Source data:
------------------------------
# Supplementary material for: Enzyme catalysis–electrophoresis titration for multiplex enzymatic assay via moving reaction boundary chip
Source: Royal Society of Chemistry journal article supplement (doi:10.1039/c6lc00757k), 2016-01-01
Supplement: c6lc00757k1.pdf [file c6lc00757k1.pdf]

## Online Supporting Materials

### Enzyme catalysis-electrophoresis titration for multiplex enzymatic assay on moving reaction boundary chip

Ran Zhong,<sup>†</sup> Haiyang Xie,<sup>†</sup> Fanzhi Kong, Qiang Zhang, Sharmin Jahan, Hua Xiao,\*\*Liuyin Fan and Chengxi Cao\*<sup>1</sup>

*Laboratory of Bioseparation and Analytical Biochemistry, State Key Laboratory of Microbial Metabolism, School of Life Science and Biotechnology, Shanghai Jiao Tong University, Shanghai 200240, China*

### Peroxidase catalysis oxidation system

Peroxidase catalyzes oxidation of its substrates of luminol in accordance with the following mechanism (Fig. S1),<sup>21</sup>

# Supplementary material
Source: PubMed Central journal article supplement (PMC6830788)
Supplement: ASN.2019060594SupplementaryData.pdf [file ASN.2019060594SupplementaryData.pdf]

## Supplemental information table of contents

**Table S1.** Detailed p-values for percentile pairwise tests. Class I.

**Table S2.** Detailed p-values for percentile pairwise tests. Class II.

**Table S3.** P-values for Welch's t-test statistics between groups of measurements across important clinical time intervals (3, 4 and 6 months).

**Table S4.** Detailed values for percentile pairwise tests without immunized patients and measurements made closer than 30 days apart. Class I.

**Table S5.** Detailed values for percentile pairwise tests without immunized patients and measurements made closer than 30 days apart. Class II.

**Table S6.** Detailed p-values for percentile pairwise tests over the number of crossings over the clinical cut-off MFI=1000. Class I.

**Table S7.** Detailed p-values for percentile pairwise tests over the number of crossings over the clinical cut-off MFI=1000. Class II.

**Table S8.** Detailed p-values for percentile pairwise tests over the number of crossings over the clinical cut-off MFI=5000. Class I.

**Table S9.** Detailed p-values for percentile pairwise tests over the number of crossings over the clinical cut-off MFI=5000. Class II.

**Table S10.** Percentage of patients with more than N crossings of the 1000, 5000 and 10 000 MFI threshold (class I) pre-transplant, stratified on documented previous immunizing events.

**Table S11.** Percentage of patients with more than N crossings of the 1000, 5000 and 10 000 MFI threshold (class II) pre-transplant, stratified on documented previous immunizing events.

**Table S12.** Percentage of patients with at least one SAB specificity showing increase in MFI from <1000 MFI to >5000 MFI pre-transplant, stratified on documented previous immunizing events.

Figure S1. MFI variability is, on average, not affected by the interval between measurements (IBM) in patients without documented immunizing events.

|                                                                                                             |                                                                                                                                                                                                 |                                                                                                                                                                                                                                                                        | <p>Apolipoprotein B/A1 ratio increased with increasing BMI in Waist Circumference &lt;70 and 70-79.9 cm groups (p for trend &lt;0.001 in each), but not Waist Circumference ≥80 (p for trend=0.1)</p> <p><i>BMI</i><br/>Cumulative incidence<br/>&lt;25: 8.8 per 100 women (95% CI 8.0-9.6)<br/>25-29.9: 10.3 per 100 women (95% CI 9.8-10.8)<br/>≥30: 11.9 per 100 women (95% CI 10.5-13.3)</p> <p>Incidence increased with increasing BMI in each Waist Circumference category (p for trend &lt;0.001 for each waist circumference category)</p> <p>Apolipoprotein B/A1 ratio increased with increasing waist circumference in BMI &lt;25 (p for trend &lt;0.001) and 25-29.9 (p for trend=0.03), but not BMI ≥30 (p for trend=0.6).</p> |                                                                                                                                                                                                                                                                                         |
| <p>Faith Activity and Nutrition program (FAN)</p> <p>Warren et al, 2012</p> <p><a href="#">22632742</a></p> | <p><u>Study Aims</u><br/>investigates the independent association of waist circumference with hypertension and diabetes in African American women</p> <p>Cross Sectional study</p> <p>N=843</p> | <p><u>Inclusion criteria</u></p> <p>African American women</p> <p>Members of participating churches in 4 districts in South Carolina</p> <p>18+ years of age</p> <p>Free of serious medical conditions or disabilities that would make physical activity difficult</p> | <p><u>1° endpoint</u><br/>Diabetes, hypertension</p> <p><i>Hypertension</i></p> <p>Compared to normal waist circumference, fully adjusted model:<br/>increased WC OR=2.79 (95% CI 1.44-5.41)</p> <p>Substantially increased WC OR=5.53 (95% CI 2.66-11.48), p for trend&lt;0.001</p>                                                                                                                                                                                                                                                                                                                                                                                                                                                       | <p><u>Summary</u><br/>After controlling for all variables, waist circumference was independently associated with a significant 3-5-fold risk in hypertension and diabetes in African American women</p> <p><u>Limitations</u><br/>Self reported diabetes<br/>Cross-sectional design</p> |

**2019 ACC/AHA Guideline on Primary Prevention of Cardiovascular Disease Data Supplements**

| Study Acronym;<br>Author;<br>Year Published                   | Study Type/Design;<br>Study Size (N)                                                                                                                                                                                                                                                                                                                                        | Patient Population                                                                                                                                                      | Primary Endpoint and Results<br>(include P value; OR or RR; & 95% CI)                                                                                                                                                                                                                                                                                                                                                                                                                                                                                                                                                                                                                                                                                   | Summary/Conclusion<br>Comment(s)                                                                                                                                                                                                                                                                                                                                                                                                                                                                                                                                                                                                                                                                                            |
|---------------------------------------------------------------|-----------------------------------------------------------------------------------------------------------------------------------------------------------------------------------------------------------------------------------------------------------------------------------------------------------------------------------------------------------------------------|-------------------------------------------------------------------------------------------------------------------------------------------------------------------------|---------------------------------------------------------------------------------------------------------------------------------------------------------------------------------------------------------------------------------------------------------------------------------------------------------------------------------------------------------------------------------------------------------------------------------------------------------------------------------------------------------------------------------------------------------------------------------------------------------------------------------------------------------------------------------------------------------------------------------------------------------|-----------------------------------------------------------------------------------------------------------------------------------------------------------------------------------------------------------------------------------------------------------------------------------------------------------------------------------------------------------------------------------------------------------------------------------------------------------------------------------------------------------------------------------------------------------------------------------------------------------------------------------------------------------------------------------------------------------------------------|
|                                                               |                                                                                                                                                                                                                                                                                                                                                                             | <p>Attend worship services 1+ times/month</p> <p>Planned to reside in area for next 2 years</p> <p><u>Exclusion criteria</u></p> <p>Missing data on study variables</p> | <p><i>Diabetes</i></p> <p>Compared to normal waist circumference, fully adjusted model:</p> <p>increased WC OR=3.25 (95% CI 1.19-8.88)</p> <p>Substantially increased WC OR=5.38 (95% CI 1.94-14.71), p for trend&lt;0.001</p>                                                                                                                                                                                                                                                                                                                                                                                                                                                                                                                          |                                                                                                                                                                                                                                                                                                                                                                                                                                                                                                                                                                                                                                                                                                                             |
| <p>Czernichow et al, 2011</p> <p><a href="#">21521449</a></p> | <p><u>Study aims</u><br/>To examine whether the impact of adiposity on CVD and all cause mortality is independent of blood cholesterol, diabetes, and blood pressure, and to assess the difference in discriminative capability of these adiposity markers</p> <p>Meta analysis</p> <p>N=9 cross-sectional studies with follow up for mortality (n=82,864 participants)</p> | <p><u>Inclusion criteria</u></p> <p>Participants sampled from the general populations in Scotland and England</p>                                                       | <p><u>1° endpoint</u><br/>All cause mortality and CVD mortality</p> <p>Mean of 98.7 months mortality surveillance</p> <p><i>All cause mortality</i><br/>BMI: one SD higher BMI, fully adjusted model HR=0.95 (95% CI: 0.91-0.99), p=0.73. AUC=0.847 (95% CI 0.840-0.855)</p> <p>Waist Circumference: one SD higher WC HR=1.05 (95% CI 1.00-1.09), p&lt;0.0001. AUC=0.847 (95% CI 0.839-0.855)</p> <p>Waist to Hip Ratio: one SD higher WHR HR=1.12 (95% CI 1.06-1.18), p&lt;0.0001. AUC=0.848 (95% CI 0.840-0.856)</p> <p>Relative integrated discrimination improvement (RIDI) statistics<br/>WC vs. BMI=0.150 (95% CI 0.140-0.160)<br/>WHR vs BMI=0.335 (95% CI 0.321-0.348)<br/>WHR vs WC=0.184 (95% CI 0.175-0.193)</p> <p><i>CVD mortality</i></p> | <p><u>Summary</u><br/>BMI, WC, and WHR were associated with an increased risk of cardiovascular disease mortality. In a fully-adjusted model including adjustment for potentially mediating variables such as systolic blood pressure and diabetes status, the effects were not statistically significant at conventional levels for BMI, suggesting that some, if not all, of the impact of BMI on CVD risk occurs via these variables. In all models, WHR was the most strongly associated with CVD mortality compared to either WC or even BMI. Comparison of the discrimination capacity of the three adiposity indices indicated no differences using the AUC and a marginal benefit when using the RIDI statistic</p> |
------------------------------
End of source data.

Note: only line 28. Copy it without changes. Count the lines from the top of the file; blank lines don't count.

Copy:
| <p>Faith Activity and Nutrition program (FAN)</p> <p>Warren et al, 2012</p> <p><a href="#">22632742</a></p> | <p><u>Study Aims</u><br/>investigates the independent association of waist circumference with hypertension and diabetes in African American women</p> <p>Cross Sectional study</p> <p>N=843</p> | <p><u>Inclusion criteria</u></p> <p>African American women</p> <p>Members of participating churches in 4 districts in South Carolina</p> <p>18+ years of age</p> <p>Free of serious medical conditions or disabilities that would make physical activity difficult</p> | <p><u>1° endpoint</u><br/>Diabetes, hypertension</p> <p><i>Hypertension</i></p> <p>Compared to normal waist circumference, fully adjusted model:<br/>increased WC OR=2.79 (95% CI 1.44-5.41)</p> <p>Substantially increased WC OR=5.53 (95% CI 2.66-11.48), p for trend&lt;0.001</p>                                                                                                                                                                                                                                                                                                                                                                                                                                                       | <p><u>Summary</u><br/>After controlling for all variables, waist circumference was independently associated with a significant 3-5-fold risk in hypertension and diabetes in African American women</p> <p><u>Limitations</u><br/>Self reported diabetes<br/>Cross-sectional design</p> |